Keith's note: Early this morning the @NewHorizons twitter posted "RT @AlanStern: Just announced: Pluto has new company-- We've discovered a 5th moon using the Hubble Space Telescope!". Why did the New Horizons PI get totally out ahead of everyone - his own team, NASA, STScI, even the IAU?

A NASA spacecraft, operated using NASA funds, was used to observe the target for another NASA mission, and discovered a new moon billions of miles away. Yet when I asked for the official press release early this morning, NASA PAO was unaware of this discovery. No press release has yet to be issued by NASA, STScI, JHU, or SwRI (I sent a request to all of them hours ago). Apparently NASA-funded discoveries can now be announced by anyone - in any fashion they so desire - without giving NASA a heads-up. Yet another example as to how NASA SMD PAO is in need of a tune up.

Keith's 12:00 pm update: Scientists at SwRI even gave one publication advance notice of the discovery even though SwRI refuses to respond to a media request for a press release sent hours ago. Meanwhile, STScI posted a release at 11:30 am but have not even bothered to send it out to the media - posting at NASA.gov only occurred a short while ago - again with no media notice.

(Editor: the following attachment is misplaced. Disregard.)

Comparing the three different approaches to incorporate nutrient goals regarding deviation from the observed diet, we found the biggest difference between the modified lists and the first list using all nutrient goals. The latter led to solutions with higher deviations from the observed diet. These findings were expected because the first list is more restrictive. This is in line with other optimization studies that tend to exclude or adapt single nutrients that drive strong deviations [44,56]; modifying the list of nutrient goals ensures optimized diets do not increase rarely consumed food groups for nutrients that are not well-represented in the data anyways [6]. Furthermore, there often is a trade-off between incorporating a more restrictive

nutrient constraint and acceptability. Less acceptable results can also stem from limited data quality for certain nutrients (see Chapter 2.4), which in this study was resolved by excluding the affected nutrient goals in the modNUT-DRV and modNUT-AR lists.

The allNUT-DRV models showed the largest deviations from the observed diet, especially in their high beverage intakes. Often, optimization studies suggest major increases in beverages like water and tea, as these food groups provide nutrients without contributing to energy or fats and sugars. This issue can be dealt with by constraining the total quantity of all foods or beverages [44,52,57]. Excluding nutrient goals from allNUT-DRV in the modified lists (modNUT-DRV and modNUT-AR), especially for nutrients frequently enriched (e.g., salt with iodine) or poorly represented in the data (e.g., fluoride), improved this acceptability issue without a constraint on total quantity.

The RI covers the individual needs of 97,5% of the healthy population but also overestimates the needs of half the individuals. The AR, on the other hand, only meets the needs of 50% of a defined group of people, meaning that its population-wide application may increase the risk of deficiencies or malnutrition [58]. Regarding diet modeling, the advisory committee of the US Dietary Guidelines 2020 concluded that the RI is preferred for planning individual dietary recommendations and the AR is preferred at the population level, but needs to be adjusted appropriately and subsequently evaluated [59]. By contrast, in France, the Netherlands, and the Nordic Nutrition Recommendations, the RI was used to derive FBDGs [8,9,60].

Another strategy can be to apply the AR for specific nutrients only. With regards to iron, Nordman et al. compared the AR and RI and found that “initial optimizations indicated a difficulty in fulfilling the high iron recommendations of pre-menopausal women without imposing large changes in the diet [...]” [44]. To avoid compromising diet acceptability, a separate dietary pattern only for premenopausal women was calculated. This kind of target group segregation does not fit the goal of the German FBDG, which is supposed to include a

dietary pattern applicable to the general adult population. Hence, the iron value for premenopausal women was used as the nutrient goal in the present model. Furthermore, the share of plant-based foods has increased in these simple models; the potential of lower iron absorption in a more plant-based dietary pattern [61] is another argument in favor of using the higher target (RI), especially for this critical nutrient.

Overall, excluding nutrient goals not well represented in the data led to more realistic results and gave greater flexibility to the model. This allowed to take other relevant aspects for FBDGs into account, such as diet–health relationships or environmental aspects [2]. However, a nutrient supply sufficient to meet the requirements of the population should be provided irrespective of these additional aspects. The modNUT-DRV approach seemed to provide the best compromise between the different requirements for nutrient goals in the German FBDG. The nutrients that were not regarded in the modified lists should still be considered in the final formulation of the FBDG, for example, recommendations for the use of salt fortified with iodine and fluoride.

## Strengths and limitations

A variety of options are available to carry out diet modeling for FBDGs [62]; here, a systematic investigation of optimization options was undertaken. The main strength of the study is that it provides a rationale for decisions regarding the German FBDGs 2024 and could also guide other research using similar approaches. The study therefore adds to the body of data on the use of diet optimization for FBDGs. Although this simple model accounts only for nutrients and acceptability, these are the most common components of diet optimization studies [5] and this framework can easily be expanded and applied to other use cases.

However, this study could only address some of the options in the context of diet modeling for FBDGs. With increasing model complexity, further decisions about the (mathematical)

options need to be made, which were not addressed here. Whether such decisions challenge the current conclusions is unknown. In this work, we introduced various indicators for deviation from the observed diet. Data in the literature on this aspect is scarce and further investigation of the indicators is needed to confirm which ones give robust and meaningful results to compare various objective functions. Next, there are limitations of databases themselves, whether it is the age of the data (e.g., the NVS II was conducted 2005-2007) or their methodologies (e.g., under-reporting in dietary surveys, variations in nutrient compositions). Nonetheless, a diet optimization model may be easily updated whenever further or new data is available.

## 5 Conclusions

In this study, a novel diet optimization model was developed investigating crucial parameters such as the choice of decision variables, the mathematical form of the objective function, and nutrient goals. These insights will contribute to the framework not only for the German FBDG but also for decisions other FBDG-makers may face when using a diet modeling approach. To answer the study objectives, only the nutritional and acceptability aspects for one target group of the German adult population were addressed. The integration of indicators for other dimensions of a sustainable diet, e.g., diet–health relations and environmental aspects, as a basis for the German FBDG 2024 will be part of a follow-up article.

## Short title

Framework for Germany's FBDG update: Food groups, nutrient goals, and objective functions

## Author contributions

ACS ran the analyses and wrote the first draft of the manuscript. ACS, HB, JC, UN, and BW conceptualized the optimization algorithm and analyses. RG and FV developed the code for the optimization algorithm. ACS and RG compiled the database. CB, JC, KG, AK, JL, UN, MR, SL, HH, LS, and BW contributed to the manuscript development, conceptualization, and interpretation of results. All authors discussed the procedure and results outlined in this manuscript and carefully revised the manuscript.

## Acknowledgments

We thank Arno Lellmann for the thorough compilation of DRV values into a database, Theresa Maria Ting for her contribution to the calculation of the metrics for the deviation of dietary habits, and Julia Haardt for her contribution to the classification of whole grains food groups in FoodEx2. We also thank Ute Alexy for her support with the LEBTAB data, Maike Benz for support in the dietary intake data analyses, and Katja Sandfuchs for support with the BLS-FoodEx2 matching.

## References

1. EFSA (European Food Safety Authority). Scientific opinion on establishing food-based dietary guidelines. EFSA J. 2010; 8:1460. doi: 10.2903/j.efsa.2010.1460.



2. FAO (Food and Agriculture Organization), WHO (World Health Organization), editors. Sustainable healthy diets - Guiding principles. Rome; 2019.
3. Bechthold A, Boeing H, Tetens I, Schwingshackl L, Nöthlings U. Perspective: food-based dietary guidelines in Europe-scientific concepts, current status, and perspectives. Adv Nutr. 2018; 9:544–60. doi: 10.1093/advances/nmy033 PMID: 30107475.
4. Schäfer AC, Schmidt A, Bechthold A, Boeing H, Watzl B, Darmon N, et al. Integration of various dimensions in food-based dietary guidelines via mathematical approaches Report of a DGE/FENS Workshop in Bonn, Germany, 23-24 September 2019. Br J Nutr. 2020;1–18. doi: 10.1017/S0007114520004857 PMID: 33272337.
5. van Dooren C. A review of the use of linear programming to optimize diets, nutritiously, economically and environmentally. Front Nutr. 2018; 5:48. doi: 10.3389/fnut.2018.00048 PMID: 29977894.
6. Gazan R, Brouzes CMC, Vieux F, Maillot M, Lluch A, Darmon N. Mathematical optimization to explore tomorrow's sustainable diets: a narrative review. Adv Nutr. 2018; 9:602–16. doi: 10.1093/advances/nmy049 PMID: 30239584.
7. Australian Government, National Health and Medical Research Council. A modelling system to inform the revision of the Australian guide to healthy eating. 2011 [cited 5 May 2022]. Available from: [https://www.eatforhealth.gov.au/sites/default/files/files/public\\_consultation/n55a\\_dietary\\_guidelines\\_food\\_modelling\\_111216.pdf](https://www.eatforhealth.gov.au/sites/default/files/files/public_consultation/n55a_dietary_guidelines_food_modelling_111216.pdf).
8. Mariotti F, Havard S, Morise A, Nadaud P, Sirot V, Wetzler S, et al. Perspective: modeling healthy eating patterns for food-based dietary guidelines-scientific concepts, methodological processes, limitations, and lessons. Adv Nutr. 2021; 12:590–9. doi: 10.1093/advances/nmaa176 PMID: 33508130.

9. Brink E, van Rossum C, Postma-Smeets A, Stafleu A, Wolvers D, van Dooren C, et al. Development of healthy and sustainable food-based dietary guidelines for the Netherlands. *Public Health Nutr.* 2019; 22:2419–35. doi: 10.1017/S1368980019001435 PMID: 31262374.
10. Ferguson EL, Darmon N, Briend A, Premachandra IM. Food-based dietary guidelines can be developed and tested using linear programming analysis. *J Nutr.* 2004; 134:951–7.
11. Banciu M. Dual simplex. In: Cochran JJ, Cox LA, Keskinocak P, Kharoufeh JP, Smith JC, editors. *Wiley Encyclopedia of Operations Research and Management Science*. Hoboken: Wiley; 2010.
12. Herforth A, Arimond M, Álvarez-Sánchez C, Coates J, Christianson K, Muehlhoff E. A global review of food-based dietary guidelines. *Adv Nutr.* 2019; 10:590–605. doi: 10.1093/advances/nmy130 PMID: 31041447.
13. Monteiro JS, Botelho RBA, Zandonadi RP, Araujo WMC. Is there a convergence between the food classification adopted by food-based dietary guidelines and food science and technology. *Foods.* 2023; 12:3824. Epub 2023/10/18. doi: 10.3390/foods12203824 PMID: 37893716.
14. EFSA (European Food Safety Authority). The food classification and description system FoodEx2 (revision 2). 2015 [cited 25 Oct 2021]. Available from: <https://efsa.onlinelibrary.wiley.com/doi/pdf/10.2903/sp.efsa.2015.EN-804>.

According to an email from J.D. Harrington at NASA PAO: "The Institute posted a news release, Goddard posted a web feature, and HQ put it on the NASA home page promptly at 11:30 a.m. after confirming the IAU circular announcing the finding was published. We didn't want to get out in front of them. It's also been heavily promoted on our social media forums..." The initial Tweet was posted at 3:39 am - but not by NASA. NASA waited 6 hours. Isn't this just a just a little odd - that NASA has to go use an IAU circular to confirm things discovered with its own spacecraft? Who informed the IAU? Aren't the people who make these discoveries using NASA hardware required to inform the agency of things like this? Guess not.

And of course if you try to actually read the IAU circular (IAUC 9253) about this discovery made using NASA funds - you can't - at least not without a user name or password.

Simulated Space 'Terror' Offers NASA an Online Following, New York Times

"As part of the educational program for the James Webb Space Telescope, the planned successor to Hubble that has been troubled by delays and cost overruns, NASA created a game in which players create their own space telescope, but to underwhelming reviews. "Too bad this game is not totally realistic so as to let people play with schedule and cost," wrote Keith Cowing, a frequent critic of the space agency, on his Web site NASAWatch.com. "This way they'd REALLY learn how NASA satellites are built (or not built)."

Build It Yourself: Satellite! Game, NASA


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This page is an archive of entries in the Space & Planetary Science category from July 2012.